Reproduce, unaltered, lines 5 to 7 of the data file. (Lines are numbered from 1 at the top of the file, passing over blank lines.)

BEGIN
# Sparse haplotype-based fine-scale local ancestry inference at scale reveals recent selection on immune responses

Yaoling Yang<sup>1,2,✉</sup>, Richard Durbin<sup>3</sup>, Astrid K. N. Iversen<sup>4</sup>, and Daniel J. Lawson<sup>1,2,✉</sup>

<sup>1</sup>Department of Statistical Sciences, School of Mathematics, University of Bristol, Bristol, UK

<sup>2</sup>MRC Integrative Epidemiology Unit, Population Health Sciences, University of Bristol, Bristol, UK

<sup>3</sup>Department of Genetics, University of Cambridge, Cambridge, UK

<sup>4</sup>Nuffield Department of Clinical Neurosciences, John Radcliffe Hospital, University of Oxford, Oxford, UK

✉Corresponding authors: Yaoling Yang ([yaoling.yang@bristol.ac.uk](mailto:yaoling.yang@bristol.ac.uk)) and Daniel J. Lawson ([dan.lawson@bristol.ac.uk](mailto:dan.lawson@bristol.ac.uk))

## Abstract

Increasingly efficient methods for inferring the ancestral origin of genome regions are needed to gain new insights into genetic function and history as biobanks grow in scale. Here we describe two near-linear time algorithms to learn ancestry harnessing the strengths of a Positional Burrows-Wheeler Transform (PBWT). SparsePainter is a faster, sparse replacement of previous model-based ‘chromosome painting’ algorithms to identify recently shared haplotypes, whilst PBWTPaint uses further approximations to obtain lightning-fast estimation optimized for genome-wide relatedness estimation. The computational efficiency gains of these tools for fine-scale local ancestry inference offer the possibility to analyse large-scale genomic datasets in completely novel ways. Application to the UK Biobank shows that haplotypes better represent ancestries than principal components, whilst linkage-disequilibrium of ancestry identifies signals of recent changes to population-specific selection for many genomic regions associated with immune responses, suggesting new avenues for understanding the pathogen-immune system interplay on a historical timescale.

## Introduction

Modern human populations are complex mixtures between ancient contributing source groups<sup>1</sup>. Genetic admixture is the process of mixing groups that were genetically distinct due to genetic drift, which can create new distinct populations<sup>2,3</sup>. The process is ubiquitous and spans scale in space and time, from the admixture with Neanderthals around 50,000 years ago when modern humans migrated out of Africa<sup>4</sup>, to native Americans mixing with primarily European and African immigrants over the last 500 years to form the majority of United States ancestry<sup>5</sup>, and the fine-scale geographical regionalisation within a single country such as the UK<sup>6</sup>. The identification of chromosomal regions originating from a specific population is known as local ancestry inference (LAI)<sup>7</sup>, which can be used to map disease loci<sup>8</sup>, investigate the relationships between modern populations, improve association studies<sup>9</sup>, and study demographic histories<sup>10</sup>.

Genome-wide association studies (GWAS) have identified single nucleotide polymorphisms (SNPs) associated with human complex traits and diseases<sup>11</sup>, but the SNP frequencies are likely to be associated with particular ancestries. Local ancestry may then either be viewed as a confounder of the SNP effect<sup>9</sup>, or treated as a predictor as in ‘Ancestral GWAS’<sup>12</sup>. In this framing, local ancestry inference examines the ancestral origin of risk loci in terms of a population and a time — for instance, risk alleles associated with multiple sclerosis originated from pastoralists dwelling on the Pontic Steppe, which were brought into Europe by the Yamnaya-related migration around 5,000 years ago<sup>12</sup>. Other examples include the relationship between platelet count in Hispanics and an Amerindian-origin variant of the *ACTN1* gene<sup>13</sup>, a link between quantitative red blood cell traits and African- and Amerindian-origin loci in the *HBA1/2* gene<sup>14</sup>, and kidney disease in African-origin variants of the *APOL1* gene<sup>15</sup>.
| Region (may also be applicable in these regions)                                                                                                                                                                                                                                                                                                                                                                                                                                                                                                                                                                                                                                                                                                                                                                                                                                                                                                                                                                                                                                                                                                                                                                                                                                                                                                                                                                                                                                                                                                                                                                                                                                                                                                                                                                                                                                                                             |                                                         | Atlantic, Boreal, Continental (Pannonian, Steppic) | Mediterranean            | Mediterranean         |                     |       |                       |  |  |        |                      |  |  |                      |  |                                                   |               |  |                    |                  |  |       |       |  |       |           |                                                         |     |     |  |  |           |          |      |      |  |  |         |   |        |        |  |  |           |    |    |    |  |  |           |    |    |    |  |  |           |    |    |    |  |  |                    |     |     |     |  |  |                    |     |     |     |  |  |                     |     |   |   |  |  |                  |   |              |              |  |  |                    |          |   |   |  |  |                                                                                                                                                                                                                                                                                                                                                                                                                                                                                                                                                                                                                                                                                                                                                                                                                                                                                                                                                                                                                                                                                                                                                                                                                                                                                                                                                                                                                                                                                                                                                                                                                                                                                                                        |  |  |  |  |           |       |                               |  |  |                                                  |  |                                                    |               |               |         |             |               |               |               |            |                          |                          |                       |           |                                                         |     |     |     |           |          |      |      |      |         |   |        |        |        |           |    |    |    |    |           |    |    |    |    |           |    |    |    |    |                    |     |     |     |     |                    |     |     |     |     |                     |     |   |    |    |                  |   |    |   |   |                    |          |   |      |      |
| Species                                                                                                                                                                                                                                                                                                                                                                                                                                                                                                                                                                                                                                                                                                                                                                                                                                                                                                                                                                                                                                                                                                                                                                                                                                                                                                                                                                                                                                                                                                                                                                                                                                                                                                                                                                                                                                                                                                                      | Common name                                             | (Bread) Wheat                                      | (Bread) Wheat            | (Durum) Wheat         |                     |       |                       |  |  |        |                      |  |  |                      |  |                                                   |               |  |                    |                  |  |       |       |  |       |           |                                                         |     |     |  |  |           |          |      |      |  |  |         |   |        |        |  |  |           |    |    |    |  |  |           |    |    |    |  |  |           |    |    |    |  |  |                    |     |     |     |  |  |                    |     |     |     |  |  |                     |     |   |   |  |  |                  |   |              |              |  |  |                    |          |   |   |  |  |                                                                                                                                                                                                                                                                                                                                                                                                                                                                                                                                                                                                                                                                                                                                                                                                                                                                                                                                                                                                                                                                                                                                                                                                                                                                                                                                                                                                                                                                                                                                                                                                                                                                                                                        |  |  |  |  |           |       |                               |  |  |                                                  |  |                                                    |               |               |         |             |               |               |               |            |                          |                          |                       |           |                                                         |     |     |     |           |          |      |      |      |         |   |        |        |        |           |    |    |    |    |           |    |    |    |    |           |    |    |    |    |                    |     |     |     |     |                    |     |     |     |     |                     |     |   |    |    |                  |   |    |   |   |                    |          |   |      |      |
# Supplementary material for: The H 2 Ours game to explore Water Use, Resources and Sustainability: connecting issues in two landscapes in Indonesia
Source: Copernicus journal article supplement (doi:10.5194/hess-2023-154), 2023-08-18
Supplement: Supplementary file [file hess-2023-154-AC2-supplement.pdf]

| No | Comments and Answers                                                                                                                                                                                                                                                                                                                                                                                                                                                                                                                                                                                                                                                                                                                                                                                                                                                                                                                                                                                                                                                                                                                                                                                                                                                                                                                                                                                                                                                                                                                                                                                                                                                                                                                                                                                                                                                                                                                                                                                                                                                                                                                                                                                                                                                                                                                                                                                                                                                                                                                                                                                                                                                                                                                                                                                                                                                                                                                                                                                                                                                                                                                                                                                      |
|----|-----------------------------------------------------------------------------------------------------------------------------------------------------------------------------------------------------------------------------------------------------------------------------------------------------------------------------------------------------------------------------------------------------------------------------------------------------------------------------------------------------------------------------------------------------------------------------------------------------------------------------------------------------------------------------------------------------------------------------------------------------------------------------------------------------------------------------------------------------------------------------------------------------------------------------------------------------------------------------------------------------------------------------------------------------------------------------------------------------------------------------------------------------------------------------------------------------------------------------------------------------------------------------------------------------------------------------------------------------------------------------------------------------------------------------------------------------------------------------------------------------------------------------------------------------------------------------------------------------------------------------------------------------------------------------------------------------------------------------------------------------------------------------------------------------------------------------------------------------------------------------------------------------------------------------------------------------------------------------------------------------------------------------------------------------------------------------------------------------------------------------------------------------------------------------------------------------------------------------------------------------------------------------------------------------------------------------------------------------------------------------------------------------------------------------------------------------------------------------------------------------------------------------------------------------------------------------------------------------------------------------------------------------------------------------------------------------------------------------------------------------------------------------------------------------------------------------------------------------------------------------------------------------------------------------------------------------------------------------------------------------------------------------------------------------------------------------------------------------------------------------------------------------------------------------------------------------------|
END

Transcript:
<sup>3</sup>Department of Genetics, University of Cambridge, Cambridge, UK

<sup>4</sup>Nuffield Department of Clinical Neurosciences, John Radcliffe Hospital, University of Oxford, Oxford, UK

✉Corresponding authors: Yaoling Yang ([yaoling.yang@bristol.ac.uk](mailto:yaoling.yang@bristol.ac.uk)) and Daniel J. Lawson ([dan.lawson@bristol.ac.uk](mailto:dan.lawson@bristol.ac.uk))